Having spent most of my life in the criminal legal system, I have witnessed one heartbreaking story after another. Like Jonathan (Jon) Kirkpatrick, now serving a life sentence for a murder he committed at the age of 19.
Jon grew up in extreme poverty. His mother, who had been married six times during his childhood, struggled to support her children. Some of the men she brought home were abusive. One of his stepdads was an escaped convict who took him and his family on the run, evading the U.S. Marshals for years. They lived in rundown motels, where drug addiction, violence and sex work were common.
Looking to escape this toxic environment, Jon moved in with his biological father. He quickly realized that this living situation was no better. His father beat him often and by the age of 11, Jon was using meth. He spent much of his childhood in juvenile group homes and eventually dropped out of school. Living on the streets of Los Angeles, he did sex work to pay for his drug addiction. He was a kid trying to survive in environments that would jade him forever.
Jon leaned further into drug use, the only thing that helped him forget the cards he’d been dealt. As he struggled to afford his habit, he fell into a dangerous path of robbing drug dealers and stealing anything of value. Tragically, someone lost their life and Jon lost his freedom.
Now three decades later, Jon is drug-free, a mentor to younger prisoners, and a successfully published writer. These changes were possible because people began to see who Jon really was and invest in him. Older prisoners in mentorship roles taught him how to facilitate non-violent communication dialogues. He connected with others who struggled with addiction through Narcotics Anonymous and learned to lead those meetings. Eventually, he partnered with the nonprofit group Empowerment Avenue, which supported him in publishing his writing in mainstream media outlets. (Empowerment Avenue also supports my writing.) One step at a time, Jon developed his confidence and grew into the man he was always meant to be.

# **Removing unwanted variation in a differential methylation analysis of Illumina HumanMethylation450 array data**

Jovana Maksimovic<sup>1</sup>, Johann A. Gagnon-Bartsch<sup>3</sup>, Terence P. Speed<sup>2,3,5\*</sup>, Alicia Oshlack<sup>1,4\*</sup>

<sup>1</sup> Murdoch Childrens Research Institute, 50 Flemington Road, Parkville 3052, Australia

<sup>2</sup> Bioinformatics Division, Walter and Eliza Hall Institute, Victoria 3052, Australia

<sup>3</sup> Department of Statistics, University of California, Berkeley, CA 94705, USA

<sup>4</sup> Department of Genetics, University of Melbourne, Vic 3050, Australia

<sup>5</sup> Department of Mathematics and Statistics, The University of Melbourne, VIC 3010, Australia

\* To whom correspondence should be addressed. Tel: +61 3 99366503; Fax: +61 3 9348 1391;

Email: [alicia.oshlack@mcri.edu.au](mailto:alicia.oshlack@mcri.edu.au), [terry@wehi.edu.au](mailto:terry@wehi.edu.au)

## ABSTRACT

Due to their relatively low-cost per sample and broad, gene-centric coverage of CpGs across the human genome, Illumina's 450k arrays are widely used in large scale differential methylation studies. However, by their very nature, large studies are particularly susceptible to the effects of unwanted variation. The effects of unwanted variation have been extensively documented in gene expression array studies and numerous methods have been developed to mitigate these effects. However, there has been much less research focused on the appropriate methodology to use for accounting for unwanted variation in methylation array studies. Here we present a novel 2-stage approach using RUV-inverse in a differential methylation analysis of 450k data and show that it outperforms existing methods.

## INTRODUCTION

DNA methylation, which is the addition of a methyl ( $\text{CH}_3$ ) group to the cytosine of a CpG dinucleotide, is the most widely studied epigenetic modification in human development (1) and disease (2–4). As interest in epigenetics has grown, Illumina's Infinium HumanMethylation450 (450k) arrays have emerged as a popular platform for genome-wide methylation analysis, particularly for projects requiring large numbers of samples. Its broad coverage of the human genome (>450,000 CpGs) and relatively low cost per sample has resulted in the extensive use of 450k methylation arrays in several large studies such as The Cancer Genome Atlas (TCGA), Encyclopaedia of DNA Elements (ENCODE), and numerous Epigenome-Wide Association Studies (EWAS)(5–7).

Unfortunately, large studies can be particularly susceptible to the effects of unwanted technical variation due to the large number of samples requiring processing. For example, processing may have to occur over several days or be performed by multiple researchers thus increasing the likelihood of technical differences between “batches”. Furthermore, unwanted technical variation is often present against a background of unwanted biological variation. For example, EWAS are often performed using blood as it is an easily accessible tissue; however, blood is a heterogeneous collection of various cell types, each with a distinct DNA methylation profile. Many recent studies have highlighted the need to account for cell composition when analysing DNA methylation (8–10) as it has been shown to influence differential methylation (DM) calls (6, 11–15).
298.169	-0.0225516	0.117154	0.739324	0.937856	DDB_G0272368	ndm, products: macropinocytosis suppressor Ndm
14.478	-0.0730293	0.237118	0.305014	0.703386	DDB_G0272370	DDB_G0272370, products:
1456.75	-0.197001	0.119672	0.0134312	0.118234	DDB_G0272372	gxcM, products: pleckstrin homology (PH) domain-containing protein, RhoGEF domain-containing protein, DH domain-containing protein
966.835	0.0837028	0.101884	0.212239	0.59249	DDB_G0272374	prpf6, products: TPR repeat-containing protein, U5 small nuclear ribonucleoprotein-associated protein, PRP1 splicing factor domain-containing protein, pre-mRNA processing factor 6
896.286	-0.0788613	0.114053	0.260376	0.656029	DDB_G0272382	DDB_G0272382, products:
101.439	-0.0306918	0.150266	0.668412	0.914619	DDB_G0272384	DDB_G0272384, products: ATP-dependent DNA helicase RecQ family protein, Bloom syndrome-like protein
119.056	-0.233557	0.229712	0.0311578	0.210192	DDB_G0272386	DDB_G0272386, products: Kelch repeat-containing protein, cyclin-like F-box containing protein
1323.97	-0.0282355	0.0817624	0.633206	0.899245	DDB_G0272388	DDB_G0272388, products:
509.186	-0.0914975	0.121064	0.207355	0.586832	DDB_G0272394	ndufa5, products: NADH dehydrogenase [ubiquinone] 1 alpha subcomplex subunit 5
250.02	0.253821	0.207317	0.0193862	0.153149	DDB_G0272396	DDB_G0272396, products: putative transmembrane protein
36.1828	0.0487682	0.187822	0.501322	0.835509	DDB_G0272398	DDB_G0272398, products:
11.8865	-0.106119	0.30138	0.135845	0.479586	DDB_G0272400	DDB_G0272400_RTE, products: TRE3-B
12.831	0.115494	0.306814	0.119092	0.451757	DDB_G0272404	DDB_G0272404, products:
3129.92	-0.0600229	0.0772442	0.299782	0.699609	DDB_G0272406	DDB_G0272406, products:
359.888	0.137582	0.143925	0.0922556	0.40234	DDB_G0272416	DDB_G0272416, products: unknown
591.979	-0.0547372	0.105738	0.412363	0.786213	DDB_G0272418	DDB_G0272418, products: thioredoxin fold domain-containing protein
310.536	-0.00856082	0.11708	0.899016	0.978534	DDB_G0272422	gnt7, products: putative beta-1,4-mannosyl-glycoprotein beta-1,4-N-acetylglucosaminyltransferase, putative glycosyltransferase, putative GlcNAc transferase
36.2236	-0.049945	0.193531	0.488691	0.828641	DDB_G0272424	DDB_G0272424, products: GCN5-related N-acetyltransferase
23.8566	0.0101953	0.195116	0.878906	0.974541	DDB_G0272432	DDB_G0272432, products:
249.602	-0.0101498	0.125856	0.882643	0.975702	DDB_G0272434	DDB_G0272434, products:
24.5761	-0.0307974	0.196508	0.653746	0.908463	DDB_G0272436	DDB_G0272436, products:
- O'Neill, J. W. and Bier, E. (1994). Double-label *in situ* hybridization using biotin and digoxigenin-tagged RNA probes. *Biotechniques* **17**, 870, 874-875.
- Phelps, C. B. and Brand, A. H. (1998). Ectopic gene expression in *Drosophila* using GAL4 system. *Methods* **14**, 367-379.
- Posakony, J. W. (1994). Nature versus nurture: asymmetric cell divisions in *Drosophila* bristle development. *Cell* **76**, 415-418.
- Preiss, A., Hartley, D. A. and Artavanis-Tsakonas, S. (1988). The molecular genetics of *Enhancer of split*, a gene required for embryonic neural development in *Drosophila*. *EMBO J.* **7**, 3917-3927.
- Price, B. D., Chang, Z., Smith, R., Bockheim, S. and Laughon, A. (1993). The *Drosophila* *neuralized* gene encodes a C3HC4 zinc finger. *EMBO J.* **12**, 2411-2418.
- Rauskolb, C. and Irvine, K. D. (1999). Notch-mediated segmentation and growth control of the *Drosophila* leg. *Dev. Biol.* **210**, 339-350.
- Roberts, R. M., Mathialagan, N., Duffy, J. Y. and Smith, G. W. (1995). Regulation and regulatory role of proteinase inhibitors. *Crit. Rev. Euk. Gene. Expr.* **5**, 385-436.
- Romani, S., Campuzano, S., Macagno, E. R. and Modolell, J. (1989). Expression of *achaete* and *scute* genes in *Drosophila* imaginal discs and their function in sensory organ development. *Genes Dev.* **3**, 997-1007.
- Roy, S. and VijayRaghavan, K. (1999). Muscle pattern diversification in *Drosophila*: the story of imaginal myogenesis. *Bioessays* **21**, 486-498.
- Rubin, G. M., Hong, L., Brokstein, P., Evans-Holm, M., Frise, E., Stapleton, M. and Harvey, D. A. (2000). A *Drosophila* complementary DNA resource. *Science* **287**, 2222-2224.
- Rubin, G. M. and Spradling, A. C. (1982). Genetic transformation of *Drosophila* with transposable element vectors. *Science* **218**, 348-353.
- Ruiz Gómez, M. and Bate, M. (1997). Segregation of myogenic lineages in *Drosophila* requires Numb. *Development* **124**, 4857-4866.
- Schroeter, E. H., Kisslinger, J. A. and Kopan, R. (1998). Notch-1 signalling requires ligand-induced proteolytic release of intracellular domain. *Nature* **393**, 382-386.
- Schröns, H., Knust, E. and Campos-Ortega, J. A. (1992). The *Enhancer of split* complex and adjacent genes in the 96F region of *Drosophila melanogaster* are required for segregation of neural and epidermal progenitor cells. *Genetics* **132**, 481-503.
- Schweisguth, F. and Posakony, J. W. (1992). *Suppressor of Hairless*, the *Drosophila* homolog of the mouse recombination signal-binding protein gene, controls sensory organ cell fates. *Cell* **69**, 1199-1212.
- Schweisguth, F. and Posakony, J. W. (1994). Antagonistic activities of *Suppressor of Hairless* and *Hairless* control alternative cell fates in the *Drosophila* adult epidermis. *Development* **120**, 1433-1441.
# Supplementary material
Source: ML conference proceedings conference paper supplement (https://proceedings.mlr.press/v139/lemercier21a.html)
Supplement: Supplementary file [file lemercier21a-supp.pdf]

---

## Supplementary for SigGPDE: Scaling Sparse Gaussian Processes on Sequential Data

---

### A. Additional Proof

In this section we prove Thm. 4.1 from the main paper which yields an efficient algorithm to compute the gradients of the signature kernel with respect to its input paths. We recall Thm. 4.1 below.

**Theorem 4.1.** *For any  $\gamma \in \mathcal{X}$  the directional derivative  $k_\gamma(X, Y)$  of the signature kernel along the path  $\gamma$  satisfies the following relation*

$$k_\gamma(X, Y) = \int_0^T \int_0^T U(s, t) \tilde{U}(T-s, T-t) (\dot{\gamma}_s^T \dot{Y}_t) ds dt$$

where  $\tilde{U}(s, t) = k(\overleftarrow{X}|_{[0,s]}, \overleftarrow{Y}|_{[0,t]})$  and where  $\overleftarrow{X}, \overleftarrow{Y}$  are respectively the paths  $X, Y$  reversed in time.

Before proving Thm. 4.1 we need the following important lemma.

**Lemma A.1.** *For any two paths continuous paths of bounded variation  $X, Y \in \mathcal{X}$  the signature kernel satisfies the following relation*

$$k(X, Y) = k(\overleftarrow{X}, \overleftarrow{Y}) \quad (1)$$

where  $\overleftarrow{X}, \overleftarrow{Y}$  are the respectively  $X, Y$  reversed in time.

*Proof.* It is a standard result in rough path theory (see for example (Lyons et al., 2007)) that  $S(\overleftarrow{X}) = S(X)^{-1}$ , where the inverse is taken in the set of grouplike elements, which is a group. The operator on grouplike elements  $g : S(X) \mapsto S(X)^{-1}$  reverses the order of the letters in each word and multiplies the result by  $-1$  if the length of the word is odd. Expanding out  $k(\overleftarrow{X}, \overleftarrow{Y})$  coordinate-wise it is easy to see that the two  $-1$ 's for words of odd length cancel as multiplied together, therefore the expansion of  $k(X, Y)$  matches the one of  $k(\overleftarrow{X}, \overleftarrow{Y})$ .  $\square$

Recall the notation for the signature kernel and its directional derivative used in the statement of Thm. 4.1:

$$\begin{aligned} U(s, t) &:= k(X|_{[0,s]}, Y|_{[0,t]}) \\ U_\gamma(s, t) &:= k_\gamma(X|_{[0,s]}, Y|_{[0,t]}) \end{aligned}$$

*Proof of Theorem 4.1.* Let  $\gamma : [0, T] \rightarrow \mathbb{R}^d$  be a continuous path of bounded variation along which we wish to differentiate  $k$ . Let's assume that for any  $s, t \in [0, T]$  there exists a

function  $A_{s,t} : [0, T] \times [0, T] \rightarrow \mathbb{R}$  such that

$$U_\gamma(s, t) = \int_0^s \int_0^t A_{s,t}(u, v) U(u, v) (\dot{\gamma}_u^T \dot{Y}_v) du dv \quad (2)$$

It has become exceedingly apparent that the majority of people in prison are here due to the circumstances they grew up in, which were often out of their control. They are the victims of being born into poverty, abusive or neglectful families, over-policed neighborhoods, and the violence that these conditions create. In short, they have spent their entire lives living to survive, not to thrive. They carry generational trauma and often lifelong connections to the carceral system.
“Prison exacerbates all of those feelings,” James King, the co-director of programs at the Ella Baker Center for Human Rights, said in an interview. “If you felt low self-worth in your family, wait until you see an indictment that says, ‘The State of California vs. James King.’ You’ll feel a little bit more isolated.”
Unjust Financial Burdens